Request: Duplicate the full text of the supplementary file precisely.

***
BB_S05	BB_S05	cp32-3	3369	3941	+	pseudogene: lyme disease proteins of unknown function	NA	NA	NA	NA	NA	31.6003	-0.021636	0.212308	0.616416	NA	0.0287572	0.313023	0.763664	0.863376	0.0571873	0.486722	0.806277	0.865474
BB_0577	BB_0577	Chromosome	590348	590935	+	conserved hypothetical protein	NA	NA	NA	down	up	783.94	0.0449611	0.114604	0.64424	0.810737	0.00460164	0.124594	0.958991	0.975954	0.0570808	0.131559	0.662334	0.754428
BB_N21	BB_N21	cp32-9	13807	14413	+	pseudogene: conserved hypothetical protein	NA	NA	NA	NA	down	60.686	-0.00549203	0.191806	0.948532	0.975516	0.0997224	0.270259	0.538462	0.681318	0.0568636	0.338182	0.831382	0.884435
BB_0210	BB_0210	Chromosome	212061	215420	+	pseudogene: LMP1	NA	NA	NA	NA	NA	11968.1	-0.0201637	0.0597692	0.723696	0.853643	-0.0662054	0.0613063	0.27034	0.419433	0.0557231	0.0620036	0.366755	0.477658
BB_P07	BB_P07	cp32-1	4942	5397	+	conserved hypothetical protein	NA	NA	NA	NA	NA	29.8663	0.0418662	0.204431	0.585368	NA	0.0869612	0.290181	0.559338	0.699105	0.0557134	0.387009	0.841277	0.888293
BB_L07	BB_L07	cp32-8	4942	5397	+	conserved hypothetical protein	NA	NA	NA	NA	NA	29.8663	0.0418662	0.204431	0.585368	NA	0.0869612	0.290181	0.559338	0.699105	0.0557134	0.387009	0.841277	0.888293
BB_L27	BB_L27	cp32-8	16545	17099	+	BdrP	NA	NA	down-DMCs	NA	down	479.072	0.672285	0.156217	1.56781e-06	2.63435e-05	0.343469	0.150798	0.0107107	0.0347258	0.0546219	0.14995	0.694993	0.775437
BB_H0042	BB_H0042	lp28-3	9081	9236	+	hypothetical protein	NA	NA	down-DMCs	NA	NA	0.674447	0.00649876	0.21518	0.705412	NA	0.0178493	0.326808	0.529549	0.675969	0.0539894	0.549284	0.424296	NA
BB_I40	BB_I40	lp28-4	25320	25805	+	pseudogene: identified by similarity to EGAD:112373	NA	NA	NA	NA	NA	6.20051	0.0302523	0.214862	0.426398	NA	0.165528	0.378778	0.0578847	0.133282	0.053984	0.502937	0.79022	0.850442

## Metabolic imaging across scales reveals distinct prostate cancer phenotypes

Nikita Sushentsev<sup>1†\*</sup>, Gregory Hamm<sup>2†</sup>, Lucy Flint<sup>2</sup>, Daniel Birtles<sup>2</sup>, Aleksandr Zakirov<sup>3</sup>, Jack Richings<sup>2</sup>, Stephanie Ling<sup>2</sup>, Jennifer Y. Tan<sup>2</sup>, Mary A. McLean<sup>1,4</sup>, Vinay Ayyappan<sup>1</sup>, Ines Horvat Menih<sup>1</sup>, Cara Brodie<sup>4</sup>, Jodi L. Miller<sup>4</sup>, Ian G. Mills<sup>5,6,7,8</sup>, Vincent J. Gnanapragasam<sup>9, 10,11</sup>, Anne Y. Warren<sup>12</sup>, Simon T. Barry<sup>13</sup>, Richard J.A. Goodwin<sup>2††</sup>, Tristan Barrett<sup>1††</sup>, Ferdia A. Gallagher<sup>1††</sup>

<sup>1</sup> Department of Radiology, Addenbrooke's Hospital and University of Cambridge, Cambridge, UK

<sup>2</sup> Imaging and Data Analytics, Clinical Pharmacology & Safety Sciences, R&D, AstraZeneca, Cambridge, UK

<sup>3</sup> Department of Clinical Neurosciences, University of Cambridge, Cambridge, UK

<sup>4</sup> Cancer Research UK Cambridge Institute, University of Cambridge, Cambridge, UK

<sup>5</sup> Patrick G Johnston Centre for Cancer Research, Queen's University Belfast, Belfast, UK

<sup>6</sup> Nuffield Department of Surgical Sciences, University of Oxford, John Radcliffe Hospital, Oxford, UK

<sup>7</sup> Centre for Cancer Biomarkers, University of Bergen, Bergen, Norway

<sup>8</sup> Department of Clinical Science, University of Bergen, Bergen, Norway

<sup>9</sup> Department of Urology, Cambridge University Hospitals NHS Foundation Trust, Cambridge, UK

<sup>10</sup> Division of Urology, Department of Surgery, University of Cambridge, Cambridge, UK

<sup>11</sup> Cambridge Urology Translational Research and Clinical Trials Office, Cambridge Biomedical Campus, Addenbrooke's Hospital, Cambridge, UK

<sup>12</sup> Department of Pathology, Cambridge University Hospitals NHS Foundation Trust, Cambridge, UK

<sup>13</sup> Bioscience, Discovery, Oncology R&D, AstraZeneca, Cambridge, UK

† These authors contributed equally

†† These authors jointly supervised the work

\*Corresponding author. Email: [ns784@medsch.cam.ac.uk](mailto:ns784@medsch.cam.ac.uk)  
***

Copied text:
BB_S05	BB_S05	cp32-3	3369	3941	+	pseudogene: lyme disease proteins of unknown function	NA	NA	NA	NA	NA	31.6003	-0.021636	0.212308	0.616416	NA	0.0287572	0.313023	0.763664	0.863376	0.0571873	0.486722	0.806277	0.865474
BB_0577	BB_0577	Chromosome	590348	590935	+	conserved hypothetical protein	NA	NA	NA	down	up	783.94	0.0449611	0.114604	0.64424	0.810737	0.00460164	0.124594	0.958991	0.975954	0.0570808	0.131559	0.662334	0.754428
BB_N21	BB_N21	cp32-9	13807	14413	+	pseudogene: conserved hypothetical protein	NA	NA	NA	NA	down	60.686	-0.00549203	0.191806	0.948532	0.975516	0.0997224	0.270259	0.538462	0.681318	0.0568636	0.338182	0.831382	0.884435
BB_0210	BB_0210	Chromosome	212061	215420	+	pseudogene: LMP1	NA	NA	NA	NA	NA	11968.1	-0.0201637	0.0597692	0.723696	0.853643	-0.0662054	0.0613063	0.27034	0.419433	0.0557231	0.0620036	0.366755	0.477658
BB_P07	BB_P07	cp32-1	4942	5397	+	conserved hypothetical protein	NA	NA	NA	NA	NA	29.8663	0.0418662	0.204431	0.585368	NA	0.0869612	0.290181	0.559338	0.699105	0.0557134	0.387009	0.841277	0.888293
BB_L07	BB_L07	cp32-8	4942	5397	+	conserved hypothetical protein	NA	NA	NA	NA	NA	29.8663	0.0418662	0.204431	0.585368	NA	0.0869612	0.290181	0.559338	0.699105	0.0557134	0.387009	0.841277	0.888293
BB_L27	BB_L27	cp32-8	16545	17099	+	BdrP	NA	NA	down-DMCs	NA	down	479.072	0.672285	0.156217	1.56781e-06	2.63435e-05	0.343469	0.150798	0.0107107	0.0347258	0.0546219	0.14995	0.694993	0.775437
BB_H0042	BB_H0042	lp28-3	9081	9236	+	hypothetical protein	NA	NA	down-DMCs	NA	NA	0.674447	0.00649876	0.21518	0.705412	NA	0.0178493	0.326808	0.529549	0.675969	0.0539894	0.549284	0.424296	NA
BB_I40	BB_I40	lp28-4	25320	25805	+	pseudogene: identified by similarity to EGAD:112373	NA	NA	NA	NA	NA	6.20051	0.0302523	0.214862	0.426398	NA	0.165528	0.378778	0.0578847	0.133282	0.053984	0.502937	0.79022	0.850442

## Metabolic imaging across scales reveals distinct prostate cancer phenotypes

Nikita Sushentsev<sup>1†\*</sup>, Gregory Hamm<sup>2†</sup>, Lucy Flint<sup>2</sup>, Daniel Birtles<sup>2</sup>, Aleksandr Zakirov<sup>3</sup>, Jack Richings<sup>2</sup>, Stephanie Ling<sup>2</sup>, Jennifer Y. Tan<sup>2</sup>, Mary A. McLean<sup>1,4</sup>, Vinay Ayyappan<sup>1</sup>, Ines Horvat Menih<sup>1</sup>, Cara Brodie<sup>4</sup>, Jodi L. Miller<sup>4</sup>, Ian G. Mills<sup>5,6,7,8</sup>, Vincent J. Gnanapragasam<sup>9, 10,11</sup>, Anne Y. Warren<sup>12</sup>, Simon T. Barry<sup>13</sup>, Richard J.A. Goodwin<sup>2††</sup>, Tristan Barrett<sup>1††</sup>, Ferdia A. Gallagher<sup>1††</sup>

<sup>1</sup> Department of Radiology, Addenbrooke's Hospital and University of Cambridge, Cambridge, UK

<sup>2</sup> Imaging and Data Analytics, Clinical Pharmacology & Safety Sciences, R&D, AstraZeneca, Cambridge, UK

<sup>3</sup> Department of Clinical Neurosciences, University of Cambridge, Cambridge, UK

<sup>4</sup> Cancer Research UK Cambridge Institute, University of Cambridge, Cambridge, UK

<sup>5</sup> Patrick G Johnston Centre for Cancer Research, Queen's University Belfast, Belfast, UK

<sup>6</sup> Nuffield Department of Surgical Sciences, University of Oxford, John Radcliffe Hospital, Oxford, UK

<sup>7</sup> Centre for Cancer Biomarkers, University of Bergen, Bergen, Norway

<sup>8</sup> Department of Clinical Science, University of Bergen, Bergen, Norway

<sup>9</sup> Department of Urology, Cambridge University Hospitals NHS Foundation Trust, Cambridge, UK

<sup>10</sup> Division of Urology, Department of Surgery, University of Cambridge, Cambridge, UK

<sup>11</sup> Cambridge Urology Translational Research and Clinical Trials Office, Cambridge Biomedical Campus, Addenbrooke's Hospital, Cambridge, UK

<sup>12</sup> Department of Pathology, Cambridge University Hospitals NHS Foundation Trust, Cambridge, UK

<sup>13</sup> Bioscience, Discovery, Oncology R&D, AstraZeneca, Cambridge, UK

† These authors contributed equally

†† These authors jointly supervised the work

\*Corresponding author. Email: [ns784@medsch.cam.ac.uk](mailto:ns784@medsch.cam.ac.uk)  